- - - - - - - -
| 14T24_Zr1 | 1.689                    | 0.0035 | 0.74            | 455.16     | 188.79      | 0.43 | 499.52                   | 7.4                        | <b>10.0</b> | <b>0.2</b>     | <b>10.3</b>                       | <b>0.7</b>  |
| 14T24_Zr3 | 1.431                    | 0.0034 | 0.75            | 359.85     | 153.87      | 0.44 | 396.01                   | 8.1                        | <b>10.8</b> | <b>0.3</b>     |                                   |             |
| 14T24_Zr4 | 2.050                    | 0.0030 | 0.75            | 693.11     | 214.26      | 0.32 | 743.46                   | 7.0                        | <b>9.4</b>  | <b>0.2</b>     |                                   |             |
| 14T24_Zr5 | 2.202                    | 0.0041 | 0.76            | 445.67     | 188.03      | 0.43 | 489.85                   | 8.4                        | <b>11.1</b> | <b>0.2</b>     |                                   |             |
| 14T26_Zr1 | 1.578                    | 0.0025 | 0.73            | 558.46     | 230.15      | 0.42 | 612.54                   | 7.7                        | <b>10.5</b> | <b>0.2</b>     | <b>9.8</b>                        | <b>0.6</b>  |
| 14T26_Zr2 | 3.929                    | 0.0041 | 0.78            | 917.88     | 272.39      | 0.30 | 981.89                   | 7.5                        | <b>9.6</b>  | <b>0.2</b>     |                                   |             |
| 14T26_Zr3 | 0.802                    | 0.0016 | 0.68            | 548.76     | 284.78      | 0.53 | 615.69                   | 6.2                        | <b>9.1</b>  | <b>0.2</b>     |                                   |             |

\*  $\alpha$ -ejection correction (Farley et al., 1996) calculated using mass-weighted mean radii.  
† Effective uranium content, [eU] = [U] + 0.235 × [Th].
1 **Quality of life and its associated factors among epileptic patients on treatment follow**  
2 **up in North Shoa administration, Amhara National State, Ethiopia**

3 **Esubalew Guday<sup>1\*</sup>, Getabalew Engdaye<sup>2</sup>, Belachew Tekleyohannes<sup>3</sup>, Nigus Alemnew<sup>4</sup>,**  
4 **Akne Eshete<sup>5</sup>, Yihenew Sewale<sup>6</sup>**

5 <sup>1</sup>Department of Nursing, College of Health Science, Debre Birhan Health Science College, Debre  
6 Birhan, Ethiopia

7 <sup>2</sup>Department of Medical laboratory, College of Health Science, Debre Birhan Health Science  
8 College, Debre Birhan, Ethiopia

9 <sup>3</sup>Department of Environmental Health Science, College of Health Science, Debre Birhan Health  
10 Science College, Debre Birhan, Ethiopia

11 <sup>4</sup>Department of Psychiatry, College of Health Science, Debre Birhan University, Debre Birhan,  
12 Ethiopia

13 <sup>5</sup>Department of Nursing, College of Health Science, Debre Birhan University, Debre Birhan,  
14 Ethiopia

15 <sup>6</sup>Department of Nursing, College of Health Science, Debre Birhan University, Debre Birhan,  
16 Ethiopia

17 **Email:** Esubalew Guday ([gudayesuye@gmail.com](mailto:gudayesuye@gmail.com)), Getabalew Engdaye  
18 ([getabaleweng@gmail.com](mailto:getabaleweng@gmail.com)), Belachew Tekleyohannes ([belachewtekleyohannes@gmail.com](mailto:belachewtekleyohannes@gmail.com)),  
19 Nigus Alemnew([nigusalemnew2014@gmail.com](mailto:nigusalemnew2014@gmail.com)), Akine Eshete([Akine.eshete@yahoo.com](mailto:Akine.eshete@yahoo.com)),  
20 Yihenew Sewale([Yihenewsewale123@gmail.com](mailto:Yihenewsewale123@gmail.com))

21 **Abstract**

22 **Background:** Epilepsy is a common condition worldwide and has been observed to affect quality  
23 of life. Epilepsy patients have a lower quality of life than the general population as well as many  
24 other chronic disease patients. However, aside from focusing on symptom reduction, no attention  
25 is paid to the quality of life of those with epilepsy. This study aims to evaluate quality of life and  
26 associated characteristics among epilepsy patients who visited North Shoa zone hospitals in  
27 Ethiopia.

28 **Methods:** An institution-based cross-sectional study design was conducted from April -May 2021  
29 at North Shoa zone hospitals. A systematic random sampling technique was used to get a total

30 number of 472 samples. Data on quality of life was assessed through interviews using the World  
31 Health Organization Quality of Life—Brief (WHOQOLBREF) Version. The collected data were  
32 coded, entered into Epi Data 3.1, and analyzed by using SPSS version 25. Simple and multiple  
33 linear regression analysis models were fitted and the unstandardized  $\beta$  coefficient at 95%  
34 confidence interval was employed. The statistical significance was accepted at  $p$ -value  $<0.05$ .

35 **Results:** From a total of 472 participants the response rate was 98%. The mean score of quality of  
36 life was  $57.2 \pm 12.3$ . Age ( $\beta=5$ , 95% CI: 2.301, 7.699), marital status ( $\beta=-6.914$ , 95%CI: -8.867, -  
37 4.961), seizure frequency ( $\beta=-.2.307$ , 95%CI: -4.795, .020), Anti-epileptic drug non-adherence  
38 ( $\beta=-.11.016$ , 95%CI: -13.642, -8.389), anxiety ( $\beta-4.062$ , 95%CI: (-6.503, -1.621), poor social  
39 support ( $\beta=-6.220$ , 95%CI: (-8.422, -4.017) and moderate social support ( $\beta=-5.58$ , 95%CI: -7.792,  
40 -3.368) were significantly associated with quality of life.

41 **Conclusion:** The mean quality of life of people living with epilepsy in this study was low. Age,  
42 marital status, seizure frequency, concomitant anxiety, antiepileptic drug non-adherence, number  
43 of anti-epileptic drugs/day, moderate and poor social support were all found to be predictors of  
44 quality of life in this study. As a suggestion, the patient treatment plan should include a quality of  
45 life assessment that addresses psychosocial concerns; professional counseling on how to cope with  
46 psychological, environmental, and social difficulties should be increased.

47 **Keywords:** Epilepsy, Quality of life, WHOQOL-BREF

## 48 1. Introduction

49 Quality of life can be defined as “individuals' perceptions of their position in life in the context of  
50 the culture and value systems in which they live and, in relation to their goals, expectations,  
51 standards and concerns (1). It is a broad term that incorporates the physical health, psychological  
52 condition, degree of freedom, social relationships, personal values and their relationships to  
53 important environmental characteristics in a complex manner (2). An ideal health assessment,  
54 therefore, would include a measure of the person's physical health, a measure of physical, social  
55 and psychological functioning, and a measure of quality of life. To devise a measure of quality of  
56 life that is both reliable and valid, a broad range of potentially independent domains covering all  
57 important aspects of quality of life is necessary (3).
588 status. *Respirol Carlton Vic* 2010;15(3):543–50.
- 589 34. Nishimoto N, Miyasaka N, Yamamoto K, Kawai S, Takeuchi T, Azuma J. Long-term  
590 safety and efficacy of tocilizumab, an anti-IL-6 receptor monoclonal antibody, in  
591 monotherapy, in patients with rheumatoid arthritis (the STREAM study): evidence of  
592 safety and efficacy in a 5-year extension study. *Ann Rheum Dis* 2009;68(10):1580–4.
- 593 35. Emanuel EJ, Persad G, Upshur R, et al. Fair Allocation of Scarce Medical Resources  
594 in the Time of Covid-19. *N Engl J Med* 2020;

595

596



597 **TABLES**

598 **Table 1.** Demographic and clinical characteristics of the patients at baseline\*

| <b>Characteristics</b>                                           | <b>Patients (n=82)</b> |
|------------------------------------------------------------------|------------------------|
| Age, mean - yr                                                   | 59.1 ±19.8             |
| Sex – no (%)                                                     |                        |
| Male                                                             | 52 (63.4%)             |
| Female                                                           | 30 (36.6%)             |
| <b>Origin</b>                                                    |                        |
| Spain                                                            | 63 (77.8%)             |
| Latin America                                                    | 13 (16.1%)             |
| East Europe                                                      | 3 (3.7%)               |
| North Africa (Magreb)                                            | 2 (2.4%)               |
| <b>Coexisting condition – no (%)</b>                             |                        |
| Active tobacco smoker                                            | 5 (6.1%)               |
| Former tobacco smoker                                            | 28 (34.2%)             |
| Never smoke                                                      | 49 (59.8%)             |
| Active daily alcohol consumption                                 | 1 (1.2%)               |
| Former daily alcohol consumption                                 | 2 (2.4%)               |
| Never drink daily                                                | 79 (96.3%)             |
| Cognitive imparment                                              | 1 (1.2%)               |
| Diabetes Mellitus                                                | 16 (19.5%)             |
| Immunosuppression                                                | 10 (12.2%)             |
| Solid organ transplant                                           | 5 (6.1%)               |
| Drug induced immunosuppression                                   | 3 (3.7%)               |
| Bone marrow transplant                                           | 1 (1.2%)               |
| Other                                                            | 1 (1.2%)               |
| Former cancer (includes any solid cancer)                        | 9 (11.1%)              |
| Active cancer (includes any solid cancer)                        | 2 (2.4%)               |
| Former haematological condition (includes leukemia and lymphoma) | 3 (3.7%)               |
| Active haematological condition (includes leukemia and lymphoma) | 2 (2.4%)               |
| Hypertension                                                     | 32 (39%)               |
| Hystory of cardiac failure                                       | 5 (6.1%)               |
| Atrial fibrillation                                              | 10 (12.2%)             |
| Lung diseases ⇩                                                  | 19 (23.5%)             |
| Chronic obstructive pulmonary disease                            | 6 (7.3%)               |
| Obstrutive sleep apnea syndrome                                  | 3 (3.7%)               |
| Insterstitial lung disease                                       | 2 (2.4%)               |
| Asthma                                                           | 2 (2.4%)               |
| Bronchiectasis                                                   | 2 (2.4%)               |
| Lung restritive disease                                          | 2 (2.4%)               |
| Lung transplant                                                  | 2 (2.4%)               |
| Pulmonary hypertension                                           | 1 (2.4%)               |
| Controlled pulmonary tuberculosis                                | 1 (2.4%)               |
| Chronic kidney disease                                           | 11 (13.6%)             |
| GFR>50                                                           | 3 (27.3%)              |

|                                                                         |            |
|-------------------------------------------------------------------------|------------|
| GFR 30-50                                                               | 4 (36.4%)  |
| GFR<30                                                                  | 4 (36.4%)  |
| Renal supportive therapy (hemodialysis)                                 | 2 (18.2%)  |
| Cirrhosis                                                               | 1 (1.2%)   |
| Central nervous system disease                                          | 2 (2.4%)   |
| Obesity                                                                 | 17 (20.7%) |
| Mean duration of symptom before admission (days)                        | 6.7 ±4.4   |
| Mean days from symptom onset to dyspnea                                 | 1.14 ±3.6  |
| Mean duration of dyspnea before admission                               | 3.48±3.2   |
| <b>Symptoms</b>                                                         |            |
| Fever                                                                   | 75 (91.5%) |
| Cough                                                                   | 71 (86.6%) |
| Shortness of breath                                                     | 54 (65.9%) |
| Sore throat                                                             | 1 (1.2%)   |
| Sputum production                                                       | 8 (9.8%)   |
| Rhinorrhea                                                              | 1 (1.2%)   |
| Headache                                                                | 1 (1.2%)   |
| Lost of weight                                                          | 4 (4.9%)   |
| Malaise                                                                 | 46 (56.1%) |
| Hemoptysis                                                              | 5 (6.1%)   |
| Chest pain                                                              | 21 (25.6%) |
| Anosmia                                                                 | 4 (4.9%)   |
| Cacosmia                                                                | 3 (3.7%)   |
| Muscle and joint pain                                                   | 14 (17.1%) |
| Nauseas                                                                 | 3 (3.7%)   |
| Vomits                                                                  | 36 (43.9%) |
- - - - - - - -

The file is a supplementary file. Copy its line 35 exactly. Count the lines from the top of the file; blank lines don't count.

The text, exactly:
26 associated characteristics among epilepsy patients who visited North Shoa zone hospitals in  